Document Type

Article

Publication Date

Winter 2005

Abstract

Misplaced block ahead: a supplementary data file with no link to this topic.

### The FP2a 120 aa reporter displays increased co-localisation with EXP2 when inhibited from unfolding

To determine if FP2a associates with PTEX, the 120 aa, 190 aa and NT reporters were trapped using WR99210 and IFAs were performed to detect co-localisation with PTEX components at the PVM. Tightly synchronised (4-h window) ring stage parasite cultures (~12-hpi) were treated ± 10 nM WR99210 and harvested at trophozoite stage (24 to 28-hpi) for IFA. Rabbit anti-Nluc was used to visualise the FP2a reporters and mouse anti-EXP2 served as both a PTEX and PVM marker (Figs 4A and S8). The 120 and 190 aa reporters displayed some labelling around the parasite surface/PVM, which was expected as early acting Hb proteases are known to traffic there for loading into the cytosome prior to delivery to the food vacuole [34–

This Article has identified and outlined the parameters of Black protectionism, a practice used by African-Americans to protect prominent community members who have been charged with criminal or unethical activity. This practice took root during slavery-during a time when a false or minor charge against one African-American could result in death or great bodily harm to him and scores of other African-Americans. History has cultivated a culture of Black mistrust of Whites in particular and mainstream society in general. This suspicion is reinforced with the continued disparate treatment of African-Americans within the criminal justice system. History and contemporary conditions explain why Black protectionism-akin to a vote of confidence-has been available to prominent Blacks without limitation (e.g., political affiliation). As practiced, Black protectionism is a community statement of protest against an oppressive justice system. An analysis of how it works, however, reveals that its overbreadth renders it ineffective as a strategy for Black racial justice.

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